In a 1976 interview with Foom, Steve Gerber was asked about the possibility of working on an underground comic and how such work might differ from his mainstream comics. “I was going to say the plots might be more complex,” he responded, “but I’m not really sure about that when I remember that ten-issue Defenders ‘bozos’ epic. I don’t know if they could get much more complicated than that.” (“The Foom Interview: Steve Gerber,” Foom No. 15, August 1976, p. 16)
Gerber also once observed: “Unlike some of my colleagues, I do not plot my stories months and months in advance. In fact, the ‘next issue’ blurb at the end of each story is always the most difficult line for me to write. I change my mind like some people change underwear.” (“Zen and the Art of Comic-Book Writing,” Howard The Duck, No. 16, September 1977, p. 7.)
Regarding this final storyline on Man-Thing, we know that when the action shifted to Atlanta Gerber originally had a five-issue arc in mind (shortened to four issues due to the book’s cancellation). But as the two quotes above suggest, Gerber may very well have expanded on the length of this saga if the series had remained open ended. In fact, had Gerber been allowed and/or inclined to stay with Man-Thing, who’s to say how long it might have gone on? It very well could have turned into an even lengthier epic than Gerber’s “bozos” storyline. He certainly had enough raw material for it.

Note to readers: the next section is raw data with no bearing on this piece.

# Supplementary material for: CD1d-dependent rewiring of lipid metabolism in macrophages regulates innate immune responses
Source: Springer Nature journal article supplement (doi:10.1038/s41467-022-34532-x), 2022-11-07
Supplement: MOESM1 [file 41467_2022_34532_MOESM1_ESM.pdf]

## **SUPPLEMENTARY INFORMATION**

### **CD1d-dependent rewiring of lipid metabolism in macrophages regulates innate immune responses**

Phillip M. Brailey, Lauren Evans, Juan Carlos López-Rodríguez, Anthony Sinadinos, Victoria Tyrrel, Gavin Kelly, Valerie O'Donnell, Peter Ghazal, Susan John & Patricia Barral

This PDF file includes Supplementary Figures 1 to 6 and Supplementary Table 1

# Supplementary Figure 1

Take Roland Duhl, for example. We only got one proper page of him in issue #21 and in that brief appearance he was absolutely fascinating. An accountant? In the employ of an extra-dimensional demon? And where did that venomous hatred for his wife come from? How much of his personality was his own and how much of it was the result of his corruption by Thog? And what’s with the name—did Gerber intend a deeper meaning somehow with the clear allusion to real-life author Roald Dahl?